Acronym and Glossary Guide
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ACRs Adverse Condition Reports (Now Listed As CRs)
AEC Atomic Energy Commission
ASLB Atomic Safety and Licensing Board
ASME American Society of Mechanical Engineers
ALARA - As Low As Reasonably Achievable, or keeping radiation emissions and exposures to levels set as far below regulatory limits as is reasonably possible in order to protect public health and the environment.
alpha radiation - The most energetic but least penetrating form of radiation. It can be stopped by a sheet of paper and cannot penetrate human skin. However, if an alpha-emitting isotope is inhaled or ingested, it will cause highly concentrated local damage. Alpha-emitting radioactive material at the site originates from nuclear fuel cladding failure at the Haddam Neck plant.
ARARs - Applicable or relevant and appropriate requirements. A comprehensive set of laws and regulations that are relevant to guide the selection of cleanup or decommissioning activities at a particular site.
asbestos - A strong and incombustible fiber widely used in the past for fireproofing and insulation. The small, buoyant fibers are easily inhaled or swallowed, causing a number of serious diseases including: asbestosis, a chronic disease of the lungs that makes breathing more and more difficult; cancer; and mesothelioma, a cancer (specific to asbestos exposure) of the membranes that line the chest and abdomen.
atom - The smallest particle of an element having the chemical properties of that element; the fundamental building block of matter.
background radiation - The natural radioactivity in the environment. Natural background radiation consists of cosmic rays, filtered through the atmosphere from outer space, and radiation from the naturally radioactive elements in the earth (primarily uranium, thorium, radium and potassium). The average American receives about 360 millirem per year from natural and man-made radiation.
Barnwell - Barnwell, South Carolina, burial site for low level radioactive material.
beta radiation - High-energy electrons (beta particles) emitted from certain radioactive material. Can pass through 1 to 2 centimeters of water or human flesh and can be shielded by a thin sheet of aluminum. Beta particles are more deeply penetrating than alpha particles but, because of their smaller size, cause less localized damage.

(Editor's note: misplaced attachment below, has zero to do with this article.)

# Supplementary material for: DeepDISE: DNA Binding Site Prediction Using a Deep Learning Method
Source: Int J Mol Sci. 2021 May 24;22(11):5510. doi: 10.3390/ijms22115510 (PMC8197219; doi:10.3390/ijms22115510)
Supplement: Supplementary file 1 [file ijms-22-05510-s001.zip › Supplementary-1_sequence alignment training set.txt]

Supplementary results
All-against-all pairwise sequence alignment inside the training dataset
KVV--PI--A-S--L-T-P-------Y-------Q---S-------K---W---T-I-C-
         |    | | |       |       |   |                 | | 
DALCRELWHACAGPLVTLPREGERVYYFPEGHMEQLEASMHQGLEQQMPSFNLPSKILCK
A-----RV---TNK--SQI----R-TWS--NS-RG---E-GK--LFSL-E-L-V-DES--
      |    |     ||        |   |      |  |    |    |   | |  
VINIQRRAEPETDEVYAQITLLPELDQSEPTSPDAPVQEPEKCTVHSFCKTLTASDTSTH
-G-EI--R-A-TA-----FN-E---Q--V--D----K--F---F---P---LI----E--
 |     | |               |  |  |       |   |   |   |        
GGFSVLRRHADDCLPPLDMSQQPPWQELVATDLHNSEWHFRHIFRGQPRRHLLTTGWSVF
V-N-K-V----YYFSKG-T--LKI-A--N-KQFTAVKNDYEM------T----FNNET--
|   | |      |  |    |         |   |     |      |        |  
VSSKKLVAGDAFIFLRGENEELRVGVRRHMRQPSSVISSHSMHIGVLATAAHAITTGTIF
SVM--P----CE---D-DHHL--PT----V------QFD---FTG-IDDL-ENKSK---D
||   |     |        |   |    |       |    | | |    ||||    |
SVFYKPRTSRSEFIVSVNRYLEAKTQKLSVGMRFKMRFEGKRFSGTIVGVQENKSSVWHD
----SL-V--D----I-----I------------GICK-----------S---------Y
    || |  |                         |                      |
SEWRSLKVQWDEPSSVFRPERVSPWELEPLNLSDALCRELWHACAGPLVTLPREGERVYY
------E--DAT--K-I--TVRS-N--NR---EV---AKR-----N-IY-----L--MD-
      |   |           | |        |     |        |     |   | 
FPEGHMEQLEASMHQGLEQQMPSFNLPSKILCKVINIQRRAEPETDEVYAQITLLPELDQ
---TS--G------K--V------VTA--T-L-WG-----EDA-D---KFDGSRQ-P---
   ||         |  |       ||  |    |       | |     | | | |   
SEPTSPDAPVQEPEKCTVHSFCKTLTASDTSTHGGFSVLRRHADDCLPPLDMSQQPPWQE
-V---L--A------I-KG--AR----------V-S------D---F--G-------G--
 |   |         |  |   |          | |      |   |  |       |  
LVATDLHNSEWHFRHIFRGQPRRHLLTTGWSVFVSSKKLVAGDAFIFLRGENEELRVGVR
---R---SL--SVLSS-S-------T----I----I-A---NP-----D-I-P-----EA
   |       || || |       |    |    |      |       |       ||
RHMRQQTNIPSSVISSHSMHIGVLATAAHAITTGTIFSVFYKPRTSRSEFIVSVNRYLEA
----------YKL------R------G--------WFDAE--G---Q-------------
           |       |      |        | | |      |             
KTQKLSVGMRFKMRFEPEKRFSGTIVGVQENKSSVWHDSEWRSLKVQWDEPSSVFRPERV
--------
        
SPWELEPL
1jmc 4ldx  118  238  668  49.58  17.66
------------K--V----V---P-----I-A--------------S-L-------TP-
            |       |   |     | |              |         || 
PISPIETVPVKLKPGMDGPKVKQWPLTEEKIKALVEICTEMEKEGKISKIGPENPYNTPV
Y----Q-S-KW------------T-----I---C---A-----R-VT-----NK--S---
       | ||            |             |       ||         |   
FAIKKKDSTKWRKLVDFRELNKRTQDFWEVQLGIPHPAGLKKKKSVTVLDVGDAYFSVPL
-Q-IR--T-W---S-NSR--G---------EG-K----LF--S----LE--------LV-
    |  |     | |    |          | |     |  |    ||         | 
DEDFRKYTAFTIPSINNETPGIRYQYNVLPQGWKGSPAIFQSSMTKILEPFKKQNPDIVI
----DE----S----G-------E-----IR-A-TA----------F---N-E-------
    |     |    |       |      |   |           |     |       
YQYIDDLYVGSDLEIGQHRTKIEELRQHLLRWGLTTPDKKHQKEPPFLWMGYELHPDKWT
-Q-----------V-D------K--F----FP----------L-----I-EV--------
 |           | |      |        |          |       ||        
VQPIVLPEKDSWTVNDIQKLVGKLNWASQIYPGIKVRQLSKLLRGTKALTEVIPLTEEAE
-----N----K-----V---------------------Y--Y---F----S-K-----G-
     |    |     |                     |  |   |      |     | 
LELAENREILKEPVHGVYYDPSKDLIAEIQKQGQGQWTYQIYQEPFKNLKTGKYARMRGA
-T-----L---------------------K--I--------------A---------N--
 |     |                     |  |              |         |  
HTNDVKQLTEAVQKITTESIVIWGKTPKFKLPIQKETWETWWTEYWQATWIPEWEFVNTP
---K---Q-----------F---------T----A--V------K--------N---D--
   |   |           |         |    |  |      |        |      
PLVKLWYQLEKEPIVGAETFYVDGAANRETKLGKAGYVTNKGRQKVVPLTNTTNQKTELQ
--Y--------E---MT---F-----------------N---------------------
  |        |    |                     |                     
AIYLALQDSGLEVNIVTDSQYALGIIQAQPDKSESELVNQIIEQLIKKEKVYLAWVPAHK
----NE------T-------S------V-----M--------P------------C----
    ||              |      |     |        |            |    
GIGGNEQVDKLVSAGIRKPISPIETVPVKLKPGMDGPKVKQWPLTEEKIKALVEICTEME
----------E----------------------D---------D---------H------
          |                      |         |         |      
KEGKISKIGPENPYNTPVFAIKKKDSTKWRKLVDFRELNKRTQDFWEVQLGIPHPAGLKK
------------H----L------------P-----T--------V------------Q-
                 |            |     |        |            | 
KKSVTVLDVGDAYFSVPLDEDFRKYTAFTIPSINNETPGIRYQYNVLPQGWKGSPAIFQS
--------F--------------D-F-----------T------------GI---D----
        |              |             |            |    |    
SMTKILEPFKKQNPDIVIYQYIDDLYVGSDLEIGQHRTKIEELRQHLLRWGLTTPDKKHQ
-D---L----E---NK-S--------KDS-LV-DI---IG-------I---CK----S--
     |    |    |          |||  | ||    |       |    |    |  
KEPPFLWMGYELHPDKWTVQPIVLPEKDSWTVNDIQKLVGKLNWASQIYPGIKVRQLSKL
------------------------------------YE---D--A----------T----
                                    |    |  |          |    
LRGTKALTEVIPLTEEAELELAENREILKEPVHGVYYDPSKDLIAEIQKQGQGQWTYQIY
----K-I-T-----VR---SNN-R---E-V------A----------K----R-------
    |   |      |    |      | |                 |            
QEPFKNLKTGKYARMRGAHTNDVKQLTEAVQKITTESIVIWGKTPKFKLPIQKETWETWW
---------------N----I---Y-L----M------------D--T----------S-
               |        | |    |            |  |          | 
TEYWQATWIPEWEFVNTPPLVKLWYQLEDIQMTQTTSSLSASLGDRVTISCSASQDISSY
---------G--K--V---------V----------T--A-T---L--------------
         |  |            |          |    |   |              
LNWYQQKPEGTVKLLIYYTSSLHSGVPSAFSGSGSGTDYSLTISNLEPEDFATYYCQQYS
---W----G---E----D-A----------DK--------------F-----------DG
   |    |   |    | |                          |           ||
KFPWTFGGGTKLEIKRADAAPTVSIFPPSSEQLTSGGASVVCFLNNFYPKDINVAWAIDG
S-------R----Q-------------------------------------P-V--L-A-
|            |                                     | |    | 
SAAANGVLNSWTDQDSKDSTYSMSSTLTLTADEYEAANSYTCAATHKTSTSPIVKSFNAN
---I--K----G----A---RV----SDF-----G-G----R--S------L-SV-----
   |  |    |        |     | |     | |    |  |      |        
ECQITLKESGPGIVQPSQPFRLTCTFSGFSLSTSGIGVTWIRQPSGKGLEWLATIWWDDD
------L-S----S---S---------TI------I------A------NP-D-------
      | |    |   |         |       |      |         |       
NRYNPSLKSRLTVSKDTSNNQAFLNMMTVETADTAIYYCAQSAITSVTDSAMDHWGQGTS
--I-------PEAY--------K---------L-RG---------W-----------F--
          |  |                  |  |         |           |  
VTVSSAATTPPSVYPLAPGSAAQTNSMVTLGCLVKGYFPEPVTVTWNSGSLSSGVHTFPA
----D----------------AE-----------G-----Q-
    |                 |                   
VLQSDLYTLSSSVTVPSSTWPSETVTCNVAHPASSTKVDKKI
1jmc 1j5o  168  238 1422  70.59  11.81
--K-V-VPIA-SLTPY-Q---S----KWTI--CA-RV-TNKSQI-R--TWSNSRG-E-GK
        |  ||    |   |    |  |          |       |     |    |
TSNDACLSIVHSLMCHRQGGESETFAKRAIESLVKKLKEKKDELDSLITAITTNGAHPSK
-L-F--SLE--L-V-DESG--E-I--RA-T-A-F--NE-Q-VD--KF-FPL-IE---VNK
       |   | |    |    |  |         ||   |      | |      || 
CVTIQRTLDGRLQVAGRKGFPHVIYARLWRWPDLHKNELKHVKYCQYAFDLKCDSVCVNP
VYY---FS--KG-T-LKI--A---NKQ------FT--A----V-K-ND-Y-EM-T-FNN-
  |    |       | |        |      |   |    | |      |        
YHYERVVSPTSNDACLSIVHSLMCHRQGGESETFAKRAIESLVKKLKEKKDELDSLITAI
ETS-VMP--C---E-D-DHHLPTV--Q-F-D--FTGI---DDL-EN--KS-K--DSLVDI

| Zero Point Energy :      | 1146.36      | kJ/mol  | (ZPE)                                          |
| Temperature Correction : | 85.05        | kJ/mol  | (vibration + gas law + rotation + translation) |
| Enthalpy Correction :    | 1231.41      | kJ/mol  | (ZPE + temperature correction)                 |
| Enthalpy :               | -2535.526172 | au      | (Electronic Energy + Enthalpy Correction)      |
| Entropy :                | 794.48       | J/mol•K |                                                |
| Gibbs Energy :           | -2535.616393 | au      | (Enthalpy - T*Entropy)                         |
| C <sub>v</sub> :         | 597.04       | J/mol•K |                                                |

biological effects - The early or delayed results of biological damage caused by nuclear radiation (alpha, beta gamma).
CDAC Community Decommissioning Advisory Committee
CFR Code of Federal Regulations
CRs Condition Reports
CR Control Room
CY Connecticut Yankee Nuclear Power Plant
CYAPCO Connecticut Yankee Atomic Power Company
characterization - Facility or site sampling, monitoring and analysis activities to determine the extent and nature of contamination. Characterization provides the basis for acquiring the necessary technical information to develop, screen, analyze, and select appropriate cleanup techniques.
cleanup - The general term for environmental restoration, the process designed to ensure that risks to the environment and to human health and safety from sites that need remediation either are eliminated or reduced to prescribed, safe levels.
contamination - The presence of foreign materials, chemicals or radioactive substances in the environment (soil, sediment, water or air) in significant concentrations.
curie - A unit of radioactivity that represents the amount of radioactivity associated with one gram of radium. To say that a sample of radioactive material exhibits one curie of radioactivity means that the element is emitting radiation at the rate of 3.7 million times a second. Named after Marie Curie, an early nuclear scientist.
D&D Decontamination & Dismantlement
DEP Department of Environmental Protection
DERO Decommissioning Emergency Response Organization
DOC Decommissioning Operations Contractor
DOE Department of Energy
DOT Department of Transportation
DPH Department of Public Health
DPUC Department of Public Utilities Commission
daughter product - An element formed by the radioactive decay of another element; often daughter products are radioactive themselves
DCGL - Derived Concentrate Guideline Level. Residual radioactivity levels on buildings and soil (above background radiation) that corresponds to the allowable radiation dose limits.
decay - The process whereby radioactive particles undergo a change from one form, or isotope, to another, releasing radioactive particles and/or energy.
decommissioning � Permanently removing a nuclear facility from service and reducing radioactive material on the licensed site to levels that would permit termination of the Nuclear Regulatory Commission license.
decon � One of three decommissioning options established by the Nuclear Regulatory Commission. Decon is immediate decontamination and dismantlement, the option selected for the Haddam Neck Plant. The other two options are Safestor and Entomb. Safestor is putting a nuclear power plant into a safe condition and delaying decontamination and dismantlement activities for as long as 60 years. Entomb is encasing in a structurally long-lived substance, e.g. concrete, with future dismantlement option.
decontamination - The removal of unwanted material (typically radioactive material) from facilities, soils, or equipment by washing, chemical action, mechanical cleansing or other techniques.
disposal - Waste emplacement designed to ensure isolation of waste from the biosphere, with no intention of retrieval for the foreseeable future.
dose - Quantity of radiation or energy absorbed; measured in rads. (See rad).